Indonesia Has Space to Cut Rates as Rupiah Gains: Decision Guide
(Bloomberg) -- Indonesia’s central bank is expected to cut its benchmark interest rate for the third time this year as recent gains in the currency allow policy makers to shift their focus to bolstering the economy amid the coronavirus pandemic.
Bank Indonesia will lower its benchmark rate by 25 basis points Tuesday to 4.25%, according to 19 of 25 economists surveyed by Bloomberg, with the rest expecting no change. The central bank, which paused last month after lowering rates at two consecutive meetings, has already flagged that another cut may be in the pipeline.
Indonesian officials are increasingly worried about the stability of the financial system as they battle a health crisis and economic growth that slowed to its worst level in almost two decades at the start the year. With the rupiah on an upward trajectory, Bank Indonesia Governor Perry Warjiyo signaled last week there’s room for further easing.
“The coast is clear for a prudent interest-rate cut,” said Satria Sambijantoro, an economist at PT Bahana Sekuritas in Jakarta, pointing to the rupiah’s gains over the past month. A concurrent drop in consumer-goods imports -- down more than 16% last month -- signals weakness in purchasing power, he said, and justifies concerns about second-quarter growth.
Here’s what to look for in Tuesday’s decision:
Like many countries, Indonesia is reeling from the hit to trade and consumer demand as millions have lost their jobs. The government and central bank have slashed their growth forecasts for the year, with gross domestic product now expected to expand 2.3%, compared to an initial projection of 5.3%.
Finance Minister Sri Mulyani Indrawati has warned of a possible “domino effect” from the virus, which already has prompted much larger capital outflows than the global financial crisis did. The central bank expects economic growth to rebound next year, to 6.6%-6.7%.
Officials are discussing how to reopen the economy, but with local deaths from the pandemic topping 1,000, President Joko Widodo ruled out an immediate easing of social-distancing steps and ordered officials to strictly enforce a travel ban during the busy holiday season.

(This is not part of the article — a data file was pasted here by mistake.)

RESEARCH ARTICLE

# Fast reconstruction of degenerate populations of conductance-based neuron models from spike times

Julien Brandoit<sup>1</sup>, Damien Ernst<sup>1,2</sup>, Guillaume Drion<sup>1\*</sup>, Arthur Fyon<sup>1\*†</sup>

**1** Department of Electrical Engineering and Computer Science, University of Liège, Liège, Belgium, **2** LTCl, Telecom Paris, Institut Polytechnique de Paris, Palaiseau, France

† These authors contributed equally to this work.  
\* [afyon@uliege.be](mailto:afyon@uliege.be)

After a period of sustained pressure on the rupiah -- a major factor in the bank’s decision to keep borrowing costs steady last month -- the currency has been gaining against the dollar in recent weeks. That’s likely removed a key barrier to further easing.
The rupiah is up more than 4% against the dollar in the past month, the best performer in Asia, paring its decline for the year to about 6.6%.
Warjiyo has said further easing is contingent on market stability, adding that the rupiah remains “fundamentally undervalued” and pledging to intervene in the market if necessary to support the currency.
With global demand reeling from the virus, Indonesia’s exports have slumped and its imports plunged for a 10th straight month in April, reflecting a significant downturn in consumer spending. Exports fell 7% from a year ago while imports declined 18.6%, resulting in a trade deficit of $345 million.
The fall in imports is a worrying sign for the overall health of Indonesia’s economy, which depends on consumer spending from a population of almost 270 million.
The current-account deficit remains a key vulnerability and was one of the main reasons Indonesia was hit so hard in last year’s emerging-market upheaval. Concerns have subsided -- the central bank expects a shortfall of less than 2% of GDP this year -- but haven’t disappeared altogether. Warjiyo has said the current-account deficit is set to widen to 3%-4% of GDP next year as the economy heats up.
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